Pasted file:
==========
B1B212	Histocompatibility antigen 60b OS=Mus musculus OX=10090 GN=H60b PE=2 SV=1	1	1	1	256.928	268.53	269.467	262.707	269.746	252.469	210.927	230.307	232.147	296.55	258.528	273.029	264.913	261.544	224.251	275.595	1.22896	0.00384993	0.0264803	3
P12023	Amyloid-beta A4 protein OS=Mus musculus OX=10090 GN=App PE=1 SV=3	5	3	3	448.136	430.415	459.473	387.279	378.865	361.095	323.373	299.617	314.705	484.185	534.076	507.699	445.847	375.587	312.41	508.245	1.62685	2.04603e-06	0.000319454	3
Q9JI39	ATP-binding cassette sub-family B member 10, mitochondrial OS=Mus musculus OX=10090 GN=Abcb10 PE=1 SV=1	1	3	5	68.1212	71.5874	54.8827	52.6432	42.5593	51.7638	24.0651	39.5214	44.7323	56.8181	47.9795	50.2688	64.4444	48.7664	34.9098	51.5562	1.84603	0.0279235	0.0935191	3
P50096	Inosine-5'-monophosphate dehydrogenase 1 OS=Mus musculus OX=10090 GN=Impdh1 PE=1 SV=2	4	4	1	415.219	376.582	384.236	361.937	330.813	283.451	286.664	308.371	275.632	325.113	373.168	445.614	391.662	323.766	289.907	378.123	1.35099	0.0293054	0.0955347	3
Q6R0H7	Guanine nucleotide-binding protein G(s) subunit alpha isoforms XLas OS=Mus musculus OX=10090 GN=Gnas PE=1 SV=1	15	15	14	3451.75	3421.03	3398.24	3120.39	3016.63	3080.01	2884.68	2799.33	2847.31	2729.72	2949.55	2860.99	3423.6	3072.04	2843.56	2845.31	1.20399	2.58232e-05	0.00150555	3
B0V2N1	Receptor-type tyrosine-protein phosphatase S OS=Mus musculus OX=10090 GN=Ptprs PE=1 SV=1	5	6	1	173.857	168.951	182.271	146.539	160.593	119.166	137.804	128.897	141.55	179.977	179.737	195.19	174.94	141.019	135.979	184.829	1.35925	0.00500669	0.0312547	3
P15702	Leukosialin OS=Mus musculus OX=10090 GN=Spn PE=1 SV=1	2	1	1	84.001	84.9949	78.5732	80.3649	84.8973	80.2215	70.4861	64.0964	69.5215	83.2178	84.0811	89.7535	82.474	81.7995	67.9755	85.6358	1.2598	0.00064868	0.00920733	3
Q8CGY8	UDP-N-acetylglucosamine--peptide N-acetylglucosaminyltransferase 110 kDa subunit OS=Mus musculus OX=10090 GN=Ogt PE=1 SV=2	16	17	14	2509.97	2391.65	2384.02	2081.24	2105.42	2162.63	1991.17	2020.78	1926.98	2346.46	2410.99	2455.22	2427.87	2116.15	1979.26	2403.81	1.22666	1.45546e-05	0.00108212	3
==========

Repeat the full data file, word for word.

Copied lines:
B1B212	Histocompatibility antigen 60b OS=Mus musculus OX=10090 GN=H60b PE=2 SV=1	1	1	1	256.928	268.53	269.467	262.707	269.746	252.469	210.927	230.307	232.147	296.55	258.528	273.029	264.913	261.544	224.251	275.595	1.22896	0.00384993	0.0264803	3
P12023	Amyloid-beta A4 protein OS=Mus musculus OX=10090 GN=App PE=1 SV=3	5	3	3	448.136	430.415	459.473	387.279	378.865	361.095	323.373	299.617	314.705	484.185	534.076	507.699	445.847	375.587	312.41	508.245	1.62685	2.04603e-06	0.000319454	3
Q9JI39	ATP-binding cassette sub-family B member 10, mitochondrial OS=Mus musculus OX=10090 GN=Abcb10 PE=1 SV=1	1	3	5	68.1212	71.5874	54.8827	52.6432	42.5593	51.7638	24.0651	39.5214	44.7323	56.8181	47.9795	50.2688	64.4444	48.7664	34.9098	51.5562	1.84603	0.0279235	0.0935191	3
P50096	Inosine-5'-monophosphate dehydrogenase 1 OS=Mus musculus OX=10090 GN=Impdh1 PE=1 SV=2	4	4	1	415.219	376.582	384.236	361.937	330.813	283.451	286.664	308.371	275.632	325.113	373.168	445.614	391.662	323.766	289.907	378.123	1.35099	0.0293054	0.0955347	3
Q6R0H7	Guanine nucleotide-binding protein G(s) subunit alpha isoforms XLas OS=Mus musculus OX=10090 GN=Gnas PE=1 SV=1	15	15	14	3451.75	3421.03	3398.24	3120.39	3016.63	3080.01	2884.68	2799.33	2847.31	2729.72	2949.55	2860.99	3423.6	3072.04	2843.56	2845.31	1.20399	2.58232e-05	0.00150555	3
B0V2N1	Receptor-type tyrosine-protein phosphatase S OS=Mus musculus OX=10090 GN=Ptprs PE=1 SV=1	5	6	1	173.857	168.951	182.271	146.539	160.593	119.166	137.804	128.897	141.55	179.977	179.737	195.19	174.94	141.019	135.979	184.829	1.35925	0.00500669	0.0312547	3
P15702	Leukosialin OS=Mus musculus OX=10090 GN=Spn PE=1 SV=1	2	1	1	84.001	84.9949	78.5732	80.3649	84.8973	80.2215	70.4861	64.0964	69.5215	83.2178	84.0811	89.7535	82.474	81.7995	67.9755	85.6358	1.2598	0.00064868	0.00920733	3
Q8CGY8	UDP-N-acetylglucosamine--peptide N-acetylglucosaminyltransferase 110 kDa subunit OS=Mus musculus OX=10090 GN=Ogt PE=1 SV=2	16	17	14	2509.97	2391.65	2384.02	2081.24	2105.42	2162.63	1991.17	2020.78	1926.98	2346.46	2410.99	2455.22	2427.87	2116.15	1979.26	2403.81	1.22666	1.45546e-05	0.00108212	3